electric blankets 12V?

barbasol

New member
I found a 3/4 length 12v electric blanket on Amazon. Wife and I use it to get the rtt warmed up and turn it off after a couple hours. Can’t recall the battery draw. We used a goal zero yeti 400 and I recall it bring drained after leaving the blanket on all night. We have a bigger battery now but wouldn’t run it all night either way. Good to take the chills out going to bed and waking up, the dog fills in during the night
 

billiebob

Well-known member
My parents slept under the same electric blanket for 50 years.... I'm just more comfortable under 2 winter hunter flannel lined sleeping bags. Electric blankets are way more efficient than heating the air... plus they work just as well in an uninsulated tent.

I still prefer lots of flannel....
DSC_0114.jpeg
 

67cj5

Man On a Mission
I posted my results about 12v electric blankets in another thread, And I found they used a lot less power than people think, Some Had built in timers some did not, Also how you use them has a big impact on how warm they are with zero increase in power draw,

Over a 2 week period I used them on my Bed and as a wrap measuring the power draw along with the heat produced while still using less than half of the power that an average 240v unit would use, Most of these 12v blankets are a lot better than people think if you workout how to use them so they are most effective,

I was so impressed with the outcome had me buy a proper 240v version for my bed but that does not take anything away from the 12v units,

I bought 2 X 12v units with 45 minute Timers and 2 without Timers and I prefer the Non Timer Versions but On a limited power supply the version with the Timer is the best way to go where the power draw would not worry even the smallest Jackery.
 

krick3tt

Adventurer
I use this, powered from my Jackery. Run it about 1 hour then reset. Power it most of the night and it only draws about 20% of the Jackery.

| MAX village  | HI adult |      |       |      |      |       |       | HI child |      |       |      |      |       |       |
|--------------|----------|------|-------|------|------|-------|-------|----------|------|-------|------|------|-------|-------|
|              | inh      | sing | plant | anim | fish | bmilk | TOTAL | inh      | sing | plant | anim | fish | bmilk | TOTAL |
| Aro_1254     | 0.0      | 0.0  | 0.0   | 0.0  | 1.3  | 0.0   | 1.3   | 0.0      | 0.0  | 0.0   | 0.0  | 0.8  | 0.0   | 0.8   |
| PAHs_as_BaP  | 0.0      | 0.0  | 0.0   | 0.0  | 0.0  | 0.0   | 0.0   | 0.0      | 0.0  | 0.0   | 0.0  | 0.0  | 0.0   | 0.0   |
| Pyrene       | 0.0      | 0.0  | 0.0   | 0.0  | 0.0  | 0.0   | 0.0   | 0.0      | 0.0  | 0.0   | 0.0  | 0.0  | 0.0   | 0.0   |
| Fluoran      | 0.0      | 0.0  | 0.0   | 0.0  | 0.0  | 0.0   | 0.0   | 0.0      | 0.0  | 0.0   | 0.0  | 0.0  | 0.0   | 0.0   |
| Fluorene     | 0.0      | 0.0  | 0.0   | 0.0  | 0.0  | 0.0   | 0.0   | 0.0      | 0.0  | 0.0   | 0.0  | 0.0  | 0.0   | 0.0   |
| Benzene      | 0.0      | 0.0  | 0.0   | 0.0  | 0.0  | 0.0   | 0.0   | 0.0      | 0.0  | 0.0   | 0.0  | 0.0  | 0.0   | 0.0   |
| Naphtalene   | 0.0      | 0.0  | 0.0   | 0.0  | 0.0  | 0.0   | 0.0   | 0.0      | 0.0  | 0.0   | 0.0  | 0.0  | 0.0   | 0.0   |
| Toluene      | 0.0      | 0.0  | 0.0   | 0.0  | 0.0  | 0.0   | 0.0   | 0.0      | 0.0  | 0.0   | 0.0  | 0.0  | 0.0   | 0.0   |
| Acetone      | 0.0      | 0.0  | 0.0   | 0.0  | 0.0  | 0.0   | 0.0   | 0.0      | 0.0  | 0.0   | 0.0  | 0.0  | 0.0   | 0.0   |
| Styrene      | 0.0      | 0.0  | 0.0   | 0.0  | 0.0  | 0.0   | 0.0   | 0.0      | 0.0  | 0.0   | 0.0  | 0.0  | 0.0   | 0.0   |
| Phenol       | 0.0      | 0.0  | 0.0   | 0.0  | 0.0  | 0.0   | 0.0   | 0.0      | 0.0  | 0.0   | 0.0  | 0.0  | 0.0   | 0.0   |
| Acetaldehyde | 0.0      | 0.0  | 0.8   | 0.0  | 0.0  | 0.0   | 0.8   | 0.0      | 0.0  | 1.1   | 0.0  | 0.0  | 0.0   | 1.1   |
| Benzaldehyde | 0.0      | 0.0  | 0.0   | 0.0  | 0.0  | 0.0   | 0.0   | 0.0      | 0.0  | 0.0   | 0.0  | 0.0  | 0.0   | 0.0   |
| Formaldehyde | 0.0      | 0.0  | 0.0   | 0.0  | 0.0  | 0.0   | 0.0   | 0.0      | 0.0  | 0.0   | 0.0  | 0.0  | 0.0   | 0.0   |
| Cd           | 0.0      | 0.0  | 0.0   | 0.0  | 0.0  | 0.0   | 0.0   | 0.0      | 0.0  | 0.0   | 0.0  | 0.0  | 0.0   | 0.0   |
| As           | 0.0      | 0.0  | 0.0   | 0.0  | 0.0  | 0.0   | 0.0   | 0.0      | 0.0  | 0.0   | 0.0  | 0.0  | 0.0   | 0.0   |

Wallygator

Adventurer


I use this one and sleep on top of it, heat rises. Power cuts off after 45 minutes and I'm usually asleep by then. I also prefer blankets and comforters vs. sleeping bags. Works well.
 

Wallygator

Adventurer
This guy is testing an electric heater to temporarily warm the cab at night and in the am to get dressed, then uses a 12V blanket for sleep....

 

Mtpisgah

Active member
We have used hot water in Nalgene bottles to warm the bags, they work great and are still warm in the morning.

We have used the big dry chemical heater packs to keep our feet warm. I cannot tell a big difference but my wife swears by them.

We have a 12v 3/4 blanket from Amazon that we preheat with and then turn off about and hour in bed. Sometimes we turn it back on around 3am and off when I wake to pee. Back on for 30 minutes before we get out of bed.

The blanket is the best option in my opinion.
 

rruff

Explorer
I tried searching but could not really find anything. We camped in our GFC and it got down in the 20's and it got pretty cold. I don't really want to use a diesel heater and I know a propane heater will cause a lot more moisture than we already get from just breathing. Has anyone found a 12V electric blanket/pad that works? If so better to sleep on top of it or use on top? how much power do they take? My wife and I much prefer sleeping with traditional blankets and down comforter vs sleeping bags. Thanks